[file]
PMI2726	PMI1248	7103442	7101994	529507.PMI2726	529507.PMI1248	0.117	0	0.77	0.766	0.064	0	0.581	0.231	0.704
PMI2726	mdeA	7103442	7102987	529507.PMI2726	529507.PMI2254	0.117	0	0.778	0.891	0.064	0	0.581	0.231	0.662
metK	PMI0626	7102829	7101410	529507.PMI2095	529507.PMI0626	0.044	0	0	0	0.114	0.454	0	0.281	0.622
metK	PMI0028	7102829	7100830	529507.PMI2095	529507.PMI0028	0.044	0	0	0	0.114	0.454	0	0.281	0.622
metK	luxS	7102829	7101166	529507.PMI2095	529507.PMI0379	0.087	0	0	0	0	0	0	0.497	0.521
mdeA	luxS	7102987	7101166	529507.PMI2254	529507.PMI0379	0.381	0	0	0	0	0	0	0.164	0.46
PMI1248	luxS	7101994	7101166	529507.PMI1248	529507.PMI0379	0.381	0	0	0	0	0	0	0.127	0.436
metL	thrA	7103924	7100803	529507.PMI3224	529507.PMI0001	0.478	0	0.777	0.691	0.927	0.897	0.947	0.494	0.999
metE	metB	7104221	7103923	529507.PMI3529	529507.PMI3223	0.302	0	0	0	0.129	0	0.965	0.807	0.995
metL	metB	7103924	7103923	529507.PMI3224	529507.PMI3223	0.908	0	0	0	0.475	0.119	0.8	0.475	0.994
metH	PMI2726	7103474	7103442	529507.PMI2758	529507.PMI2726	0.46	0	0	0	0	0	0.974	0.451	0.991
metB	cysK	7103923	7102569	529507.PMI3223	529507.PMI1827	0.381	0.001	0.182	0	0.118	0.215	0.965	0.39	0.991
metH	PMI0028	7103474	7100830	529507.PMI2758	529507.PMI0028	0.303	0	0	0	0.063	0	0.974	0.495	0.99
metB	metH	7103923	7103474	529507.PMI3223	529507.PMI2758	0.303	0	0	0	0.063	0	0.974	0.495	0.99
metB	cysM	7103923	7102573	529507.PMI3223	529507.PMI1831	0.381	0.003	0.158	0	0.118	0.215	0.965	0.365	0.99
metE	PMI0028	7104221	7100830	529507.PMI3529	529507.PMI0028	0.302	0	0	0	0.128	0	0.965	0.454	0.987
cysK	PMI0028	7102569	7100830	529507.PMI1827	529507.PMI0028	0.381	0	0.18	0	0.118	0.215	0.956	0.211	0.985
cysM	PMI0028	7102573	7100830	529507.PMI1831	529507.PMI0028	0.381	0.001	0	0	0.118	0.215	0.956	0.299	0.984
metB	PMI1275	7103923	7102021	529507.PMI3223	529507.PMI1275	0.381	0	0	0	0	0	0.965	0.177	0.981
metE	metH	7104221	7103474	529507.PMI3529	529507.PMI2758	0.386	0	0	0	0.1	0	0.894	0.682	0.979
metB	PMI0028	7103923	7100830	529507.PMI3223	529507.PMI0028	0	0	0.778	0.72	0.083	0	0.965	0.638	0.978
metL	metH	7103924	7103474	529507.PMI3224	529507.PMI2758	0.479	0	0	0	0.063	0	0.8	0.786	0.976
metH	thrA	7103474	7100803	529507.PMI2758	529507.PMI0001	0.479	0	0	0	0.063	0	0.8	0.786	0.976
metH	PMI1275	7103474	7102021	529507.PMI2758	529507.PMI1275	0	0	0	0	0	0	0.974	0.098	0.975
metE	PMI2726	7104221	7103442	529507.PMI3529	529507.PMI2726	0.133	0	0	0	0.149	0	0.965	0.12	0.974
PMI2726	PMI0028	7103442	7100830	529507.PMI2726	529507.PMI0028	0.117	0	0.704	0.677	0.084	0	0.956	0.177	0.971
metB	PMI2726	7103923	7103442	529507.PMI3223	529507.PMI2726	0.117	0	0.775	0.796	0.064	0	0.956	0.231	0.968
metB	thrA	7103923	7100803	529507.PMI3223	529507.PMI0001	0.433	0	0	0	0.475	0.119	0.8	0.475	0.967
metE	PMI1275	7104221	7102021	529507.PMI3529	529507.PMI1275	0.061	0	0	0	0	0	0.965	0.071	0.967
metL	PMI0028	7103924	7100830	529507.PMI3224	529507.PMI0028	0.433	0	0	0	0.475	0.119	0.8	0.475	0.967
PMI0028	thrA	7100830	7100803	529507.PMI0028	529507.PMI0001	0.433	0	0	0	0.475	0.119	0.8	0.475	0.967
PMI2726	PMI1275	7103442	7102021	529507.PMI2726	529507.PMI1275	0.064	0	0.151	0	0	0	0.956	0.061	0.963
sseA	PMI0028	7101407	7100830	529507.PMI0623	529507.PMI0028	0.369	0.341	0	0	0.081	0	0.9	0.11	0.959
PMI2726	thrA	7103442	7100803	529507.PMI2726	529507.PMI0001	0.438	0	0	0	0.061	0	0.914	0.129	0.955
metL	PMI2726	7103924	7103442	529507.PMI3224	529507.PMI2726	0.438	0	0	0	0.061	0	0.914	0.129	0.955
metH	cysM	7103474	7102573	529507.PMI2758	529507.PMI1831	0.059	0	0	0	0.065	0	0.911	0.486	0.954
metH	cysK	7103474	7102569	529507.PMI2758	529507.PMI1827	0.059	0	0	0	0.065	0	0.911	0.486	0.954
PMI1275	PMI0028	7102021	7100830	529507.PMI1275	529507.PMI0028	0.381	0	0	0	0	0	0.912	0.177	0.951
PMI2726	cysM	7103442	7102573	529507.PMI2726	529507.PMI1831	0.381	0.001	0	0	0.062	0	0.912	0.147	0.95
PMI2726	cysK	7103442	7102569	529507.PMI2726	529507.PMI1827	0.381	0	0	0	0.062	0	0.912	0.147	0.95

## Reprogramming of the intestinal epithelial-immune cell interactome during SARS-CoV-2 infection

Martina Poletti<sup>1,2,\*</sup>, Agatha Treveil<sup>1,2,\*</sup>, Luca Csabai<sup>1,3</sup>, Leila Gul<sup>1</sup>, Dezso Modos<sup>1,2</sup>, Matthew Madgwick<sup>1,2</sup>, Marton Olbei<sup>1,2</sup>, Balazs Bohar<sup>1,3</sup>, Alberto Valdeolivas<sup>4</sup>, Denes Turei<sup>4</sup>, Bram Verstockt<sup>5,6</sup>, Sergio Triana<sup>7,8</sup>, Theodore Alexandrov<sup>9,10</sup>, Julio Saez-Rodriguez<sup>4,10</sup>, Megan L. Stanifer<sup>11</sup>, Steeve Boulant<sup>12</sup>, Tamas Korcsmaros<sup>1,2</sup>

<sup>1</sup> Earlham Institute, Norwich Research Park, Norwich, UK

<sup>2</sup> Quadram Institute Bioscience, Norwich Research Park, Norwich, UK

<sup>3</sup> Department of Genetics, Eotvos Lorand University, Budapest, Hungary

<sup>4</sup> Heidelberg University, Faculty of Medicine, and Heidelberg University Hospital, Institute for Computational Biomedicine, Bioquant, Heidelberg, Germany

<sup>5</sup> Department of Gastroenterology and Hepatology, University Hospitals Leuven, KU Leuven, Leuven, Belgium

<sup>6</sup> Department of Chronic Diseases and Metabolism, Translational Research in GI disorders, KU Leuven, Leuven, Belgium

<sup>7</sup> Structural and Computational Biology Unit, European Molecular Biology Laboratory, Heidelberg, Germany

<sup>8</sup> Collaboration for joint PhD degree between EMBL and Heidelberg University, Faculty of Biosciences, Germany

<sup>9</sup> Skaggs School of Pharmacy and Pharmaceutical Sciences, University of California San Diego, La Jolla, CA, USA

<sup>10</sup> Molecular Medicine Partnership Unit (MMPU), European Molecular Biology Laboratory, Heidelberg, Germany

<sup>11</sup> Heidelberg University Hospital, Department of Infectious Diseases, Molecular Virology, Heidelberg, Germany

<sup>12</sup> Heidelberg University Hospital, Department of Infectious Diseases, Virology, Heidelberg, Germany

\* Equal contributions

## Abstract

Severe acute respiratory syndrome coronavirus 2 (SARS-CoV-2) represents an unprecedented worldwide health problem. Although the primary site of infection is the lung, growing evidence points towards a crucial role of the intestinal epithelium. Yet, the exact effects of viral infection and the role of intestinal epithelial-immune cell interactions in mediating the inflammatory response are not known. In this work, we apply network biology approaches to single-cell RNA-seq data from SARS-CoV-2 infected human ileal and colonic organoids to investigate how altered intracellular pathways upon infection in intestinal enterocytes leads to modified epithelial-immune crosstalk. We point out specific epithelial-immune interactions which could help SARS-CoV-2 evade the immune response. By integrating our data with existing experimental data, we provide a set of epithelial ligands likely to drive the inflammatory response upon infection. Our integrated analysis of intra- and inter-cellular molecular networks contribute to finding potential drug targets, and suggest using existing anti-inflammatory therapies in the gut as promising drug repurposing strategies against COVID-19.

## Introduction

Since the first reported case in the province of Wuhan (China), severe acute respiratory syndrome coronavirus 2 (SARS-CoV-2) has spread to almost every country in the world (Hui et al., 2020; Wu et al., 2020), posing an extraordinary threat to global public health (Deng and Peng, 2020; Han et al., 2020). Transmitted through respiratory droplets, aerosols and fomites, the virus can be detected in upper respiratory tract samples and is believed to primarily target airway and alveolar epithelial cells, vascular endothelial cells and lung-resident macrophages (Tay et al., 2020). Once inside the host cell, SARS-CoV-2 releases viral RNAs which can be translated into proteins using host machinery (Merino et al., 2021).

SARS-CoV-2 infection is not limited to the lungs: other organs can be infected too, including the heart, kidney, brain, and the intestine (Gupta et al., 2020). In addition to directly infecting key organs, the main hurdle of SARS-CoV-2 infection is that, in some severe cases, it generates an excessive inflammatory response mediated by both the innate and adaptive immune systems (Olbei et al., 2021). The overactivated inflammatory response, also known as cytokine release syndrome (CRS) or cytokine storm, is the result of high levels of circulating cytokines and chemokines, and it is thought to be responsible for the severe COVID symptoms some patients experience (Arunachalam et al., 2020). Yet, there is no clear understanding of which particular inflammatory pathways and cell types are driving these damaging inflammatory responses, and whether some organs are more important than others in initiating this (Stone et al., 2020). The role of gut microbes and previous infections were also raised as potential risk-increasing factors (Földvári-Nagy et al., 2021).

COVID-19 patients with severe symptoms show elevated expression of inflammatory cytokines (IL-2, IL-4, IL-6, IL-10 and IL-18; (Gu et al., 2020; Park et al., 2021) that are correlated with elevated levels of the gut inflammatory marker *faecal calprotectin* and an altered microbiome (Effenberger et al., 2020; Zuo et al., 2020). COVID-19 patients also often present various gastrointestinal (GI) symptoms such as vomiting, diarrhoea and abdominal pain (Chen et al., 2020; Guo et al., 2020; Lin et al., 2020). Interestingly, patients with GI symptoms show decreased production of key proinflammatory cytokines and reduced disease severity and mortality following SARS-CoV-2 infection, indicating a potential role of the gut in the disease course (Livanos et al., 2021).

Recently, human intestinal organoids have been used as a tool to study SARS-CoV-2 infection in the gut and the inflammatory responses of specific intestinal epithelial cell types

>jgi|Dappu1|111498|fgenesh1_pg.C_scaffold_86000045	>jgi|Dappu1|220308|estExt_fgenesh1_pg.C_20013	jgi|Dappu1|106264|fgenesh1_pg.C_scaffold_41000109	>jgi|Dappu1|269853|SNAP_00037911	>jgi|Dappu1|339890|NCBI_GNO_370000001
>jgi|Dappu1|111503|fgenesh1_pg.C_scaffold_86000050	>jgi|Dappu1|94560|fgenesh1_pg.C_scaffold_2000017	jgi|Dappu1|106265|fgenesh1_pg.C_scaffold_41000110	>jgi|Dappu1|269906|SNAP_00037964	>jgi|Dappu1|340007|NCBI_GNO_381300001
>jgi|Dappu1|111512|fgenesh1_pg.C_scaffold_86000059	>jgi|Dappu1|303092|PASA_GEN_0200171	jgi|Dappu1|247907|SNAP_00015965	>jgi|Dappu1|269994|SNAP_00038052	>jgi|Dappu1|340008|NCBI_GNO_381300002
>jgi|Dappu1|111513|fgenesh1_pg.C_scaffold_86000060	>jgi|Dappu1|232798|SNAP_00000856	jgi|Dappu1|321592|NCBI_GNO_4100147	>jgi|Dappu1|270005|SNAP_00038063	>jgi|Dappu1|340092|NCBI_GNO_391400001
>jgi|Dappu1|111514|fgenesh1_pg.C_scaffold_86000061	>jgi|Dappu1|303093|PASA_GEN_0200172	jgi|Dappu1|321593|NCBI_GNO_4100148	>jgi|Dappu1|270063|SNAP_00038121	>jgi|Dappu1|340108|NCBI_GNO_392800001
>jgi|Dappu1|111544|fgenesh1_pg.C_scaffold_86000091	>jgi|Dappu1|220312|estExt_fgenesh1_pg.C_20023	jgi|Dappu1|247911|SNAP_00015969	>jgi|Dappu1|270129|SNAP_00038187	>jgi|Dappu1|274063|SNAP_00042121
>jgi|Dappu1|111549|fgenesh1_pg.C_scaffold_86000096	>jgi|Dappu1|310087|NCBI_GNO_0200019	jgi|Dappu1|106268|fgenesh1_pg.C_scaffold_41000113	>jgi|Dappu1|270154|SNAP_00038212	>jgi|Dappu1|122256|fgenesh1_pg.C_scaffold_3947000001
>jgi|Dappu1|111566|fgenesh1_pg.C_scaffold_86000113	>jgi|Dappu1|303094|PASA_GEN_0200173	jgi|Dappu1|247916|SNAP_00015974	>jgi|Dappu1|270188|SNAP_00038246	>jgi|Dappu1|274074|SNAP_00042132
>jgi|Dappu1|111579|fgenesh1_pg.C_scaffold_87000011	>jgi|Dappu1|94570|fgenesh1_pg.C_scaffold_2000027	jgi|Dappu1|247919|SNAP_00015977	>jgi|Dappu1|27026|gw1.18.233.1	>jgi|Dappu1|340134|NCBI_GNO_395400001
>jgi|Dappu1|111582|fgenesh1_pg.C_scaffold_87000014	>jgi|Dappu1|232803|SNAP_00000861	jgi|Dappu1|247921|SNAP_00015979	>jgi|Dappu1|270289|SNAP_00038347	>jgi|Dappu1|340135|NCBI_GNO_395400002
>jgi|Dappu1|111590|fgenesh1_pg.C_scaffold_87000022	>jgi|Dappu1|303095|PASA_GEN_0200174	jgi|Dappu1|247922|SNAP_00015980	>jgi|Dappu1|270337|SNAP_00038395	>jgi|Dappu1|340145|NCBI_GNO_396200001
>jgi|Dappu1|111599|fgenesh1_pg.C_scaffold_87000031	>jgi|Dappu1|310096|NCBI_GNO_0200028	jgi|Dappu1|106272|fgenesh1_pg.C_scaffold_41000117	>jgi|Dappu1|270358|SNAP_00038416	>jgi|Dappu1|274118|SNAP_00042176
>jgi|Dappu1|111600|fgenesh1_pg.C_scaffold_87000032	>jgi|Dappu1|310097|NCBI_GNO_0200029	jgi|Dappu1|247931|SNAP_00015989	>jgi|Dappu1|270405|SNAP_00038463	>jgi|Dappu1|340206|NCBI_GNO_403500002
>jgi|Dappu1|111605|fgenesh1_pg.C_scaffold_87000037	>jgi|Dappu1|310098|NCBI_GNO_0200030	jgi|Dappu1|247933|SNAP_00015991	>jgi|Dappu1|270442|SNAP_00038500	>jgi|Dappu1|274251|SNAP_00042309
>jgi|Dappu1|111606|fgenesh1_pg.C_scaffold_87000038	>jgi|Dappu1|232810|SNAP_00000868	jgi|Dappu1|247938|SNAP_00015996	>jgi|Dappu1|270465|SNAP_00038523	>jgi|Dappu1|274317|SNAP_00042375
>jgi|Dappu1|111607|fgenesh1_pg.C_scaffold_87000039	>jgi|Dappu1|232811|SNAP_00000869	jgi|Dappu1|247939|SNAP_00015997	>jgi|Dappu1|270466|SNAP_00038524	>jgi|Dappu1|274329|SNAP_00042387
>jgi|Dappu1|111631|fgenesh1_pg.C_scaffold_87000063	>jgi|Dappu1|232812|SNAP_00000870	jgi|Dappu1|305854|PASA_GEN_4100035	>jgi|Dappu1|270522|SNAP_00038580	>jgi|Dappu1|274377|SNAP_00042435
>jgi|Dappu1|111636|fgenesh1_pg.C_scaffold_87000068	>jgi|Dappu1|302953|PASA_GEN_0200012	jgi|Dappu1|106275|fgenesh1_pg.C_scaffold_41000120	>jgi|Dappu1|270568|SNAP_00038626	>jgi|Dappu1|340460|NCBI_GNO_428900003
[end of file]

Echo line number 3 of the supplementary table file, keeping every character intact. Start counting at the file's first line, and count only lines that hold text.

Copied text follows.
metK	PMI0626	7102829	7101410	529507.PMI2095	529507.PMI0626	0.044	0	0	0	0.114	0.454	0	0.281	0.622